By Shen Gao
A bioengineering lab at Stanford University has developed a microscope that is compatible for use with a smartphone.
The lab, lead by Dr. Ingmar Riedel-Kruse, an assistant professor of bioengineering, is developing ways that could make bioscience learning more fun and interactive. This pioneering microscope invention allows users to experiment with light-loving microbes.
Named the LudusScope from the Latin word “ludus”—meaning “play”, “game”, or “elementary school”—the device is similar to a microscope, but it can be docked with a smartphone. It includes LED lights that can be controlled with a joystick. Because Euglena microbes are always seeking light, these lights can influence their swimming directions.
An app that goes along with this invention allows users to interact with individual microbes by simply tapping the phone screen. The user can then use the scale bars, speed readings, or grid overlay tools to further customize their interactive experience. Games on this app include “Pac-Man”, where the user can influence the direction an Euglena is going and watch it “eat up” balls in the maze, as well as a simulated soccer pitch where the user can influence an Euglena to “kick” a ball and score goals on a field.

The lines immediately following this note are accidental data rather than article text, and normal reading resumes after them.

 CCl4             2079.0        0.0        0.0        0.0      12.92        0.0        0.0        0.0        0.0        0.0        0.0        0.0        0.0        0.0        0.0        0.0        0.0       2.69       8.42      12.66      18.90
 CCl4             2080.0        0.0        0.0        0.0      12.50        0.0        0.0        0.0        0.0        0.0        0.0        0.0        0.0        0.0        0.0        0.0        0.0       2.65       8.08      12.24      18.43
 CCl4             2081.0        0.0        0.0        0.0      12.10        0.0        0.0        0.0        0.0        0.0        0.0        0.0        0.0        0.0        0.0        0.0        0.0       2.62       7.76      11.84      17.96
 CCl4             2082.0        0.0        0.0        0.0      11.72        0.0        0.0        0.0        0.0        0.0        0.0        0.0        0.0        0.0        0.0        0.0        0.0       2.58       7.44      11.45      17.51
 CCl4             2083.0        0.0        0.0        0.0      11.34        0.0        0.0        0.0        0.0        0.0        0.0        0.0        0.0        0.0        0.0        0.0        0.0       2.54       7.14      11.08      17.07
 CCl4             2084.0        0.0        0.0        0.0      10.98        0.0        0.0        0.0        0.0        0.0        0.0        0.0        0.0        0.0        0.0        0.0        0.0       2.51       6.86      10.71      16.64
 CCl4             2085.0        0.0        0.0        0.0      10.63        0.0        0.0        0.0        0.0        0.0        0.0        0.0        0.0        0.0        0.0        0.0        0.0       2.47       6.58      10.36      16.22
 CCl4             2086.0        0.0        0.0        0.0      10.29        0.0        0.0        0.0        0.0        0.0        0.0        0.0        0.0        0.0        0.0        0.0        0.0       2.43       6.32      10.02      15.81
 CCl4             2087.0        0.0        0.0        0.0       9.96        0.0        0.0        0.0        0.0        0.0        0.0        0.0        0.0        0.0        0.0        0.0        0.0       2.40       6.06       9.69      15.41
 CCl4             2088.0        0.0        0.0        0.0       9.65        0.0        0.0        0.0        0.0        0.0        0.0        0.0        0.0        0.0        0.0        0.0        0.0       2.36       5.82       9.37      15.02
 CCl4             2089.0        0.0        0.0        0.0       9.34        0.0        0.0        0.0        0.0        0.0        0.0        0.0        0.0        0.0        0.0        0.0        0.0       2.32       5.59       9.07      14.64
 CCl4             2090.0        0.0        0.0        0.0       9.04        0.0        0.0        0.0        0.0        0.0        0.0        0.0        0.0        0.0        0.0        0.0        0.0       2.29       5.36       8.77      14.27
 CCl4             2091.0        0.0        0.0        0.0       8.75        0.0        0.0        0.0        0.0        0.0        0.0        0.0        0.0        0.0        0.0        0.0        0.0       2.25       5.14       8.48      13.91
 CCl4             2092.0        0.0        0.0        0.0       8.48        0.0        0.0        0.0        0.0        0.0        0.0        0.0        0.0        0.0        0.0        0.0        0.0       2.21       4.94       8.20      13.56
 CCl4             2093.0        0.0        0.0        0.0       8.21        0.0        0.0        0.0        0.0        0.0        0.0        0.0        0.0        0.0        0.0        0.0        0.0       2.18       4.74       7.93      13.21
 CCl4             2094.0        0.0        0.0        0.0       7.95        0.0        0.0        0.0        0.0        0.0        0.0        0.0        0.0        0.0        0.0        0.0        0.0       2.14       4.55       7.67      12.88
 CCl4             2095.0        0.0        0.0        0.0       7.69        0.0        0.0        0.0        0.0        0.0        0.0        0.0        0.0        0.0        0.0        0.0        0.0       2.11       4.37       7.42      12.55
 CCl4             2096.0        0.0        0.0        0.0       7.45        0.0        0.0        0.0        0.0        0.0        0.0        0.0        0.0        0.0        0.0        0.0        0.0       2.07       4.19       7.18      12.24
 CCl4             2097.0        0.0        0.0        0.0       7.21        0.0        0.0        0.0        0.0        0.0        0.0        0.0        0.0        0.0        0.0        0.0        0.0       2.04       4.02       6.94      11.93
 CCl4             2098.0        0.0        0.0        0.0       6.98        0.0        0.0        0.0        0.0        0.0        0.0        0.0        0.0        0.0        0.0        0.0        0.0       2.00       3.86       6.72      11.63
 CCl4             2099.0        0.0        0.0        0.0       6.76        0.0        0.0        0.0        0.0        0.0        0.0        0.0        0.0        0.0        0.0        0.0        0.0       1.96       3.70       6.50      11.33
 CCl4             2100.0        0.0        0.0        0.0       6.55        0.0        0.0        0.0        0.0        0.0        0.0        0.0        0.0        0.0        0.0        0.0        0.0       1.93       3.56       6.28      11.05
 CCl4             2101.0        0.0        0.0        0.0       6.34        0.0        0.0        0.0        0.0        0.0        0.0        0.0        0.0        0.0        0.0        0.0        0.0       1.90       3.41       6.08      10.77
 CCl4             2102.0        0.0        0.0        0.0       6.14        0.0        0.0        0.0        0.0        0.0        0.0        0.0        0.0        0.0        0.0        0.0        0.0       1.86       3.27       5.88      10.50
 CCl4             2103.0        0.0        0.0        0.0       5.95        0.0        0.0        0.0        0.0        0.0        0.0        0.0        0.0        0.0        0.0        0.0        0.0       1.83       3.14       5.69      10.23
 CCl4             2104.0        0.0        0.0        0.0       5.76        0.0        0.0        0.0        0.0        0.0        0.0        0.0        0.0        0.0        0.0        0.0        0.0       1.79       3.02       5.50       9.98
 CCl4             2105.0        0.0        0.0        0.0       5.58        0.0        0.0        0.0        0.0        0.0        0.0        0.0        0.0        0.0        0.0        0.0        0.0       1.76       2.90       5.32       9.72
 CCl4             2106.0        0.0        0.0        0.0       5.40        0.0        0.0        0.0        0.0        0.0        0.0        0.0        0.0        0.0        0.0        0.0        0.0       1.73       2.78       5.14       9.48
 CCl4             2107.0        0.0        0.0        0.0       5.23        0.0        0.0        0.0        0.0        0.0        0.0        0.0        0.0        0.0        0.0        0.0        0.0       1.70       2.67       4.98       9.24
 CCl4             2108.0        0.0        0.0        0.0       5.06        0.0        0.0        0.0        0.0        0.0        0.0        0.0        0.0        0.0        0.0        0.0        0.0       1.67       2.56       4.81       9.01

In an interview with Live Science, Dr. Riedel-Kruse, the man behind the idea, offered that “the most important thing I think you can do as a teacher or parent is inspire. Get them excited—that’s almost more important than the actual content delivery.”
Riedel-Kruse went further to explain that the inspiration behind the initial idea for this invention was video games, because he was fascinated with the simulations that they were able to provide.
The designers of the team wanted to create a device that allowed users, especially children, to learn in an interactive way by playing and by building. The nature of the app allows for it to have functionalities that teach optics, fabrication, electronics, as well as programming. Riedel-Kruse said that this project also took ideas from the robotics field.
He comments that the life sciences “don’t yet have these cool tools or toys that you have more in the physical sciences and mechatronic fields,” and stated that “it’s something we want to address, and hope to inspire other people to do as well.”
The lessons in programming are incorporated in a biophysical model using the programming language Scratch, which is often used by children to facilitate a more fun and rewarding programming experience. This model features virtual microbes for which students can manipulate the variables, including speed and light sensitivity, in order to explore changes that might arise. They can also fit the model to their own data from observations.
Currently, this microscope system is open-source, which means that the source code is made freely available and that anyone may contribute to it or fix errors that may arise. Its entirety should cost $100 to make, or around $60 for those schools that have their own 3D printers. The lab at Stanford is also currently working to make it a ready-made kit for mass purchasing.